Chris Kaba, 24, was shot dead on Monday by police in Streatham Hill, South London after a car pursuit ended.
According to BBC, Mr. Kaba died after a gunshot was fired at 22:00 BST by a specialist firearms officer. According to Scotland Yard, the officer is no longer on operational duties.
The vehicle driven by Chris Kaba was recognised by an Automatic Number Plate recognition and linked to a firearms incident that occurred in the days prior. The automobile, however, was not registered to Mr. Kaba.
As reported by BBC, two police cars hemmed in the Audi in a narrow residential street of Kirkstall Gardens. The IOPC explained that CPR was given to Mr. Kaba immediately by the officers and that they also requested ambulance service support. However, later on, Chris Kaba died in hospital.
The IOPC said in a statement announcing the murder investigation, “Our investigation team is continuing to gather and review a large amount of evidence. However, as this is now a criminal investigation, we are limited in what further information we can provide."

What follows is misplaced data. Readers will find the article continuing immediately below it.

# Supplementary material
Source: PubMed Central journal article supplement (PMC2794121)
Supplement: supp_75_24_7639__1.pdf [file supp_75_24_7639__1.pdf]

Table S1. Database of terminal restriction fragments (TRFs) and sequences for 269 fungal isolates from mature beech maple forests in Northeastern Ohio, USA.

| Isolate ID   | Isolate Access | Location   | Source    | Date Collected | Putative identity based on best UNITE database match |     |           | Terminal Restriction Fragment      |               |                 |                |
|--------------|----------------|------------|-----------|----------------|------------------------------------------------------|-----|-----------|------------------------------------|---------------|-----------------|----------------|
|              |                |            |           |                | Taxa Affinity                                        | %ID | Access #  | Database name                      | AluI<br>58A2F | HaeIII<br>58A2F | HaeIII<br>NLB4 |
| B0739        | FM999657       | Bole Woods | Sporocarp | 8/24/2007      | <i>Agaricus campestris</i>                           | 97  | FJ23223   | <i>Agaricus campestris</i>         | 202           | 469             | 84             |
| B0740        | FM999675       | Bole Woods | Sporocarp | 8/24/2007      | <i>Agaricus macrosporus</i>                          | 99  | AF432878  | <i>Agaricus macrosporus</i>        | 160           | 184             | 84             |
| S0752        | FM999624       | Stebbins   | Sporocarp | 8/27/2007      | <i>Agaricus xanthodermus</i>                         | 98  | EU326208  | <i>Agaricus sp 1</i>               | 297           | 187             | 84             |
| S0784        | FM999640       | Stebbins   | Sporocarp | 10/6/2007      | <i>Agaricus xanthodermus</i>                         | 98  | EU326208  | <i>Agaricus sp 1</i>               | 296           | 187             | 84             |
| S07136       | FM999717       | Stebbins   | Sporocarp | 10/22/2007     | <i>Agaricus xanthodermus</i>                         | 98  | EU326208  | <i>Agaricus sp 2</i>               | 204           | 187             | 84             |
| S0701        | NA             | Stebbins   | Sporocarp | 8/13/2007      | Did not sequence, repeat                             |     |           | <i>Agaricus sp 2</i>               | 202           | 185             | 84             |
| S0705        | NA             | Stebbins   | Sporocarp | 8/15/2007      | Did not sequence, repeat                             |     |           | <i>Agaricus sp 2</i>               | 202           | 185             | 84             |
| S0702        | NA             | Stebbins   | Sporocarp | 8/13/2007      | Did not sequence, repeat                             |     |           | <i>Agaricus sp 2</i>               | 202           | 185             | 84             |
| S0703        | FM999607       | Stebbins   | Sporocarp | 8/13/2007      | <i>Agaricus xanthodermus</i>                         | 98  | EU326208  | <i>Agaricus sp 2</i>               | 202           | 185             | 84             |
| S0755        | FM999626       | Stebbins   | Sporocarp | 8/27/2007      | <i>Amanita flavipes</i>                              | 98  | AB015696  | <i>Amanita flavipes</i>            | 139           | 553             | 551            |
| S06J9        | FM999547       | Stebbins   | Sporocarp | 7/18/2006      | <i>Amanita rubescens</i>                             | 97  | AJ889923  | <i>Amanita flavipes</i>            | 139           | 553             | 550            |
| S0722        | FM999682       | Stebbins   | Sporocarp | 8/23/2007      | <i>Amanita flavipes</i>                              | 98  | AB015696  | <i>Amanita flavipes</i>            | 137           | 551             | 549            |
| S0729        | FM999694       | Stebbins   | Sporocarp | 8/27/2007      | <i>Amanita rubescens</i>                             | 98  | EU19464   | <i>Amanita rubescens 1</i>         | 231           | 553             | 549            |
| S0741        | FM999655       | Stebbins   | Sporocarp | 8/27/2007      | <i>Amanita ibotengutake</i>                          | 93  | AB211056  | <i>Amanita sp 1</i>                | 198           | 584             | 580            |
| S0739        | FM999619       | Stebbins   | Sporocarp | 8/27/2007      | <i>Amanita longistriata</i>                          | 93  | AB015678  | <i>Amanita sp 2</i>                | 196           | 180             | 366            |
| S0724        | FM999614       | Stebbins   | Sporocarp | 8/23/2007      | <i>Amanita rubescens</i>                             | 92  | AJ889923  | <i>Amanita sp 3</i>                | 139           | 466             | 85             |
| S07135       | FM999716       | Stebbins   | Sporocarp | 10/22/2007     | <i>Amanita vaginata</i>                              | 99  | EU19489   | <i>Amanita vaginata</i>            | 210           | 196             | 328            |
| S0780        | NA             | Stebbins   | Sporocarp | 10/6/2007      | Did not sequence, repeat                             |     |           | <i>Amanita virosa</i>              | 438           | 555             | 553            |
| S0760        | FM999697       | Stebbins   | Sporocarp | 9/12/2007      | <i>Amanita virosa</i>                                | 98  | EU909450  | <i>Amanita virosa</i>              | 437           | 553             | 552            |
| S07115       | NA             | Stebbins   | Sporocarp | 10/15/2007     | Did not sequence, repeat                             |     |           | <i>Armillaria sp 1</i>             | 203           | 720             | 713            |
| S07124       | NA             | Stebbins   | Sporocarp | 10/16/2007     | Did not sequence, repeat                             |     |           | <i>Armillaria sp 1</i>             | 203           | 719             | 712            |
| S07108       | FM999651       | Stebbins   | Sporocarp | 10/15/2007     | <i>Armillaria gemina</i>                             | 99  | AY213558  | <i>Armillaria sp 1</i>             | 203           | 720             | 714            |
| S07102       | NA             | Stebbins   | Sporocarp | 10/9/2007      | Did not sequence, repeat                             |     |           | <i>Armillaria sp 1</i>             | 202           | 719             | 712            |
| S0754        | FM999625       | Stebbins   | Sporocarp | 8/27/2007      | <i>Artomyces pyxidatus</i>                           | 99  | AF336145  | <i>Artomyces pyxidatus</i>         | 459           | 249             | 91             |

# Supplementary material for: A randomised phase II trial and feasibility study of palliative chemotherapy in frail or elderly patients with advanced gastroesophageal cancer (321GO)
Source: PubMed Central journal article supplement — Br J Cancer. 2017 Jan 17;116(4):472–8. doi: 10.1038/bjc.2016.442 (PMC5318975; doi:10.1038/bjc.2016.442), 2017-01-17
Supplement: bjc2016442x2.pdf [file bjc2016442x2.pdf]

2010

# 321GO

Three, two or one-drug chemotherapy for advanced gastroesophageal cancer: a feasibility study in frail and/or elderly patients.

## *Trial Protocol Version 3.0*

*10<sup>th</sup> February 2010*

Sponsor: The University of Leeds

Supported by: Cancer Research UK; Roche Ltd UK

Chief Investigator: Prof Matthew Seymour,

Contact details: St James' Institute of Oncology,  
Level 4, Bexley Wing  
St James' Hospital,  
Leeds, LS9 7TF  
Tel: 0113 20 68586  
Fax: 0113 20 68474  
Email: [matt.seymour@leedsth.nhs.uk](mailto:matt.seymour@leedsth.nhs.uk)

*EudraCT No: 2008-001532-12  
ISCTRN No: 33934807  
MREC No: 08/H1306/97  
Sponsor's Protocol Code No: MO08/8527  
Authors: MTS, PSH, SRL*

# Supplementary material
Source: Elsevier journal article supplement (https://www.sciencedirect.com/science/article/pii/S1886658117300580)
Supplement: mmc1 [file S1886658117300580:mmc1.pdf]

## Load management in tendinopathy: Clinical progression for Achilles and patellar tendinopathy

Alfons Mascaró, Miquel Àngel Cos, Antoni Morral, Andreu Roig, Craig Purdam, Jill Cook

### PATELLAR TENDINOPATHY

The IOPC explained that although the officer involved and his conduct is currently undergoing criminal investigation, "it does not necessarily mean that they will end up facing criminal charges or a misconduct hearing.”
Kaba’s family has called for a murder investigation on the incident on Wednesday as they wanted an answer and accountability. In a statement released through the charity inquest, the family said that he would still be alive if he had not been black. They added,
“We are devastated; we need answers, and we need accountability. We are worried that if Chris had not been Black, he would have been arrested on Monday evening and not had his life cut short.”
Chris Kaba’s car and the police vehicles that were involved in the incident are currently undergoing investigations.
“The Met is cooperating fully as the IOPC work to independently establish the full circumstances surrounding the shooting. The officer is not currently on operational duties due to the formal post-incident process. A senior officer will now carefully consider their work status going forward. I absolutely understand that this shooting is a matter of grave concern, particularly for our Black communities. I also know what a difficult and often dangerous job firearms officers, in particular, do every day to try to protect the public. They understand and expect that on the very rare occasions they discharge their weapons, they will face intense scrutiny. I do not underestimate the impact on them of this development. I had urged the public to allow the IOPC the time and space needed to progress the investigation.”
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